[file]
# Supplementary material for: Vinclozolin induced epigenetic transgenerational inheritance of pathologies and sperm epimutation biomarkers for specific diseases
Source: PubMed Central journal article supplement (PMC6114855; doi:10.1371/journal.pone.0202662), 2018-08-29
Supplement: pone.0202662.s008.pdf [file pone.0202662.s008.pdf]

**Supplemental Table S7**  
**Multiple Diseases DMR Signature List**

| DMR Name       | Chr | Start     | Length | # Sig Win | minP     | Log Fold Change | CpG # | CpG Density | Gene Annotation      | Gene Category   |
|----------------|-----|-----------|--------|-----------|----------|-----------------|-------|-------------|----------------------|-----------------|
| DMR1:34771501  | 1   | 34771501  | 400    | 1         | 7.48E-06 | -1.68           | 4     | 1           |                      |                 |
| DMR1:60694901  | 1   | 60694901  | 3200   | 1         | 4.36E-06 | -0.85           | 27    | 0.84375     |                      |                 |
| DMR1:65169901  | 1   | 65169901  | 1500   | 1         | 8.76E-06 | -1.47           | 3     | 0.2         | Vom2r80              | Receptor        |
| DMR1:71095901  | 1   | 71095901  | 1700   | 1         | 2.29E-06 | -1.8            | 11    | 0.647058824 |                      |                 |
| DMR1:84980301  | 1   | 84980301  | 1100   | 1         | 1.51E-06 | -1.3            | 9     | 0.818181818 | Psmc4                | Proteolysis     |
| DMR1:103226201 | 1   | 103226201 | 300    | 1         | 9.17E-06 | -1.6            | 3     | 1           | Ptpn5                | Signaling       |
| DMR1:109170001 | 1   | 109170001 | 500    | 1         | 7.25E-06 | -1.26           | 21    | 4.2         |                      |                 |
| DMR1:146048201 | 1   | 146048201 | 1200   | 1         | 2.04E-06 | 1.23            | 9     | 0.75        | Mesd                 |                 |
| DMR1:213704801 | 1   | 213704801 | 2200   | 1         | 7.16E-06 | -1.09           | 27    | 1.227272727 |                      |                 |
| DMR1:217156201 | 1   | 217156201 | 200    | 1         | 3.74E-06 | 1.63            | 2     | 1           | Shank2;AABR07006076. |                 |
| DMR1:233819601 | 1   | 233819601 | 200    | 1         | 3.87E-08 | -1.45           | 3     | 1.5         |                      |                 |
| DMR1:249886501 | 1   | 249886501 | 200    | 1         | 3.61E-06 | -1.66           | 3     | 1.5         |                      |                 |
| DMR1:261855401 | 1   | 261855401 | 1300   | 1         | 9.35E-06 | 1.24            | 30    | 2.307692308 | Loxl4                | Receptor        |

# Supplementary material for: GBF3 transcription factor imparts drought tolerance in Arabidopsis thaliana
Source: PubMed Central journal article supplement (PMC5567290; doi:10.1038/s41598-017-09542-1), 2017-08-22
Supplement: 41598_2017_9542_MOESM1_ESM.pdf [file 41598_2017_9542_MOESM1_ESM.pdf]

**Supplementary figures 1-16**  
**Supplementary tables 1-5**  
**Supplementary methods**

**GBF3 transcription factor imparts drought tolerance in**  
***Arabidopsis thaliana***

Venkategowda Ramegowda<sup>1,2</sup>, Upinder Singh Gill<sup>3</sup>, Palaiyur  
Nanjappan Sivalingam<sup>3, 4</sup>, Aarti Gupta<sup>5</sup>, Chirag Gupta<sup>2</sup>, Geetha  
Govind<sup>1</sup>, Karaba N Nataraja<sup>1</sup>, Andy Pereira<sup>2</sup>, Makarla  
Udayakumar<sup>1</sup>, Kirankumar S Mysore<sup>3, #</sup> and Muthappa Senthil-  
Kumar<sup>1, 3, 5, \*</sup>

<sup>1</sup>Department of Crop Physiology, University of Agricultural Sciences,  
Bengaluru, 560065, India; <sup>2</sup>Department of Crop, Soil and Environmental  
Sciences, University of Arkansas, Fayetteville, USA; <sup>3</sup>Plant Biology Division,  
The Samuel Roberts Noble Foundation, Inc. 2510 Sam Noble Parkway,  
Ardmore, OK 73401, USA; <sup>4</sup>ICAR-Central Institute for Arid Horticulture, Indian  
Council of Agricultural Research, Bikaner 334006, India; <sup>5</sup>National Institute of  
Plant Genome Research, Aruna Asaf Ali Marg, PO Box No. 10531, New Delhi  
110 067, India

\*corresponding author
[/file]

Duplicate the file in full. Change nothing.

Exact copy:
# Supplementary material for: Vinclozolin induced epigenetic transgenerational inheritance of pathologies and sperm epimutation biomarkers for specific diseases
Source: PubMed Central journal article supplement (PMC6114855; doi:10.1371/journal.pone.0202662), 2018-08-29
Supplement: pone.0202662.s008.pdf [file pone.0202662.s008.pdf]

**Supplemental Table S7**  
**Multiple Diseases DMR Signature List**

| DMR Name       | Chr | Start     | Length | # Sig Win | minP     | Log Fold Change | CpG # | CpG Density | Gene Annotation      | Gene Category   |
|----------------|-----|-----------|--------|-----------|----------|-----------------|-------|-------------|----------------------|-----------------|
| DMR1:34771501  | 1   | 34771501  | 400    | 1         | 7.48E-06 | -1.68           | 4     | 1           |                      |                 |
| DMR1:60694901  | 1   | 60694901  | 3200   | 1         | 4.36E-06 | -0.85           | 27    | 0.84375     |                      |                 |
| DMR1:65169901  | 1   | 65169901  | 1500   | 1         | 8.76E-06 | -1.47           | 3     | 0.2         | Vom2r80              | Receptor        |
| DMR1:71095901  | 1   | 71095901  | 1700   | 1         | 2.29E-06 | -1.8            | 11    | 0.647058824 |                      |                 |
| DMR1:84980301  | 1   | 84980301  | 1100   | 1         | 1.51E-06 | -1.3            | 9     | 0.818181818 | Psmc4                | Proteolysis     |
| DMR1:103226201 | 1   | 103226201 | 300    | 1         | 9.17E-06 | -1.6            | 3     | 1           | Ptpn5                | Signaling       |
| DMR1:109170001 | 1   | 109170001 | 500    | 1         | 7.25E-06 | -1.26           | 21    | 4.2         |                      |                 |
| DMR1:146048201 | 1   | 146048201 | 1200   | 1         | 2.04E-06 | 1.23            | 9     | 0.75        | Mesd                 |                 |
| DMR1:213704801 | 1   | 213704801 | 2200   | 1         | 7.16E-06 | -1.09           | 27    | 1.227272727 |                      |                 |
| DMR1:217156201 | 1   | 217156201 | 200    | 1         | 3.74E-06 | 1.63            | 2     | 1           | Shank2;AABR07006076. |                 |
| DMR1:233819601 | 1   | 233819601 | 200    | 1         | 3.87E-08 | -1.45           | 3     | 1.5         |                      |                 |
| DMR1:249886501 | 1   | 249886501 | 200    | 1         | 3.61E-06 | -1.66           | 3     | 1.5         |                      |                 |
| DMR1:261855401 | 1   | 261855401 | 1300   | 1         | 9.35E-06 | 1.24            | 30    | 2.307692308 | Loxl4                | Receptor        |

# Supplementary material for: GBF3 transcription factor imparts drought tolerance in Arabidopsis thaliana
Source: PubMed Central journal article supplement (PMC5567290; doi:10.1038/s41598-017-09542-1), 2017-08-22
Supplement: 41598_2017_9542_MOESM1_ESM.pdf [file 41598_2017_9542_MOESM1_ESM.pdf]

**Supplementary figures 1-16**  
**Supplementary tables 1-5**  
**Supplementary methods**

**GBF3 transcription factor imparts drought tolerance in**  
***Arabidopsis thaliana***

Venkategowda Ramegowda<sup>1,2</sup>, Upinder Singh Gill<sup>3</sup>, Palaiyur  
Nanjappan Sivalingam<sup>3, 4</sup>, Aarti Gupta<sup>5</sup>, Chirag Gupta<sup>2</sup>, Geetha  
Govind<sup>1</sup>, Karaba N Nataraja<sup>1</sup>, Andy Pereira<sup>2</sup>, Makarla  
Udayakumar<sup>1</sup>, Kirankumar S Mysore<sup>3, #</sup> and Muthappa Senthil-  
Kumar<sup>1, 3, 5, \*</sup>

<sup>1</sup>Department of Crop Physiology, University of Agricultural Sciences,  
Bengaluru, 560065, India; <sup>2</sup>Department of Crop, Soil and Environmental  
Sciences, University of Arkansas, Fayetteville, USA; <sup>3</sup>Plant Biology Division,  
The Samuel Roberts Noble Foundation, Inc. 2510 Sam Noble Parkway,  
Ardmore, OK 73401, USA; <sup>4</sup>ICAR-Central Institute for Arid Horticulture, Indian  
Council of Agricultural Research, Bikaner 334006, India; <sup>5</sup>National Institute of  
Plant Genome Research, Aruna Asaf Ali Marg, PO Box No. 10531, New Delhi  
110 067, India

\*corresponding author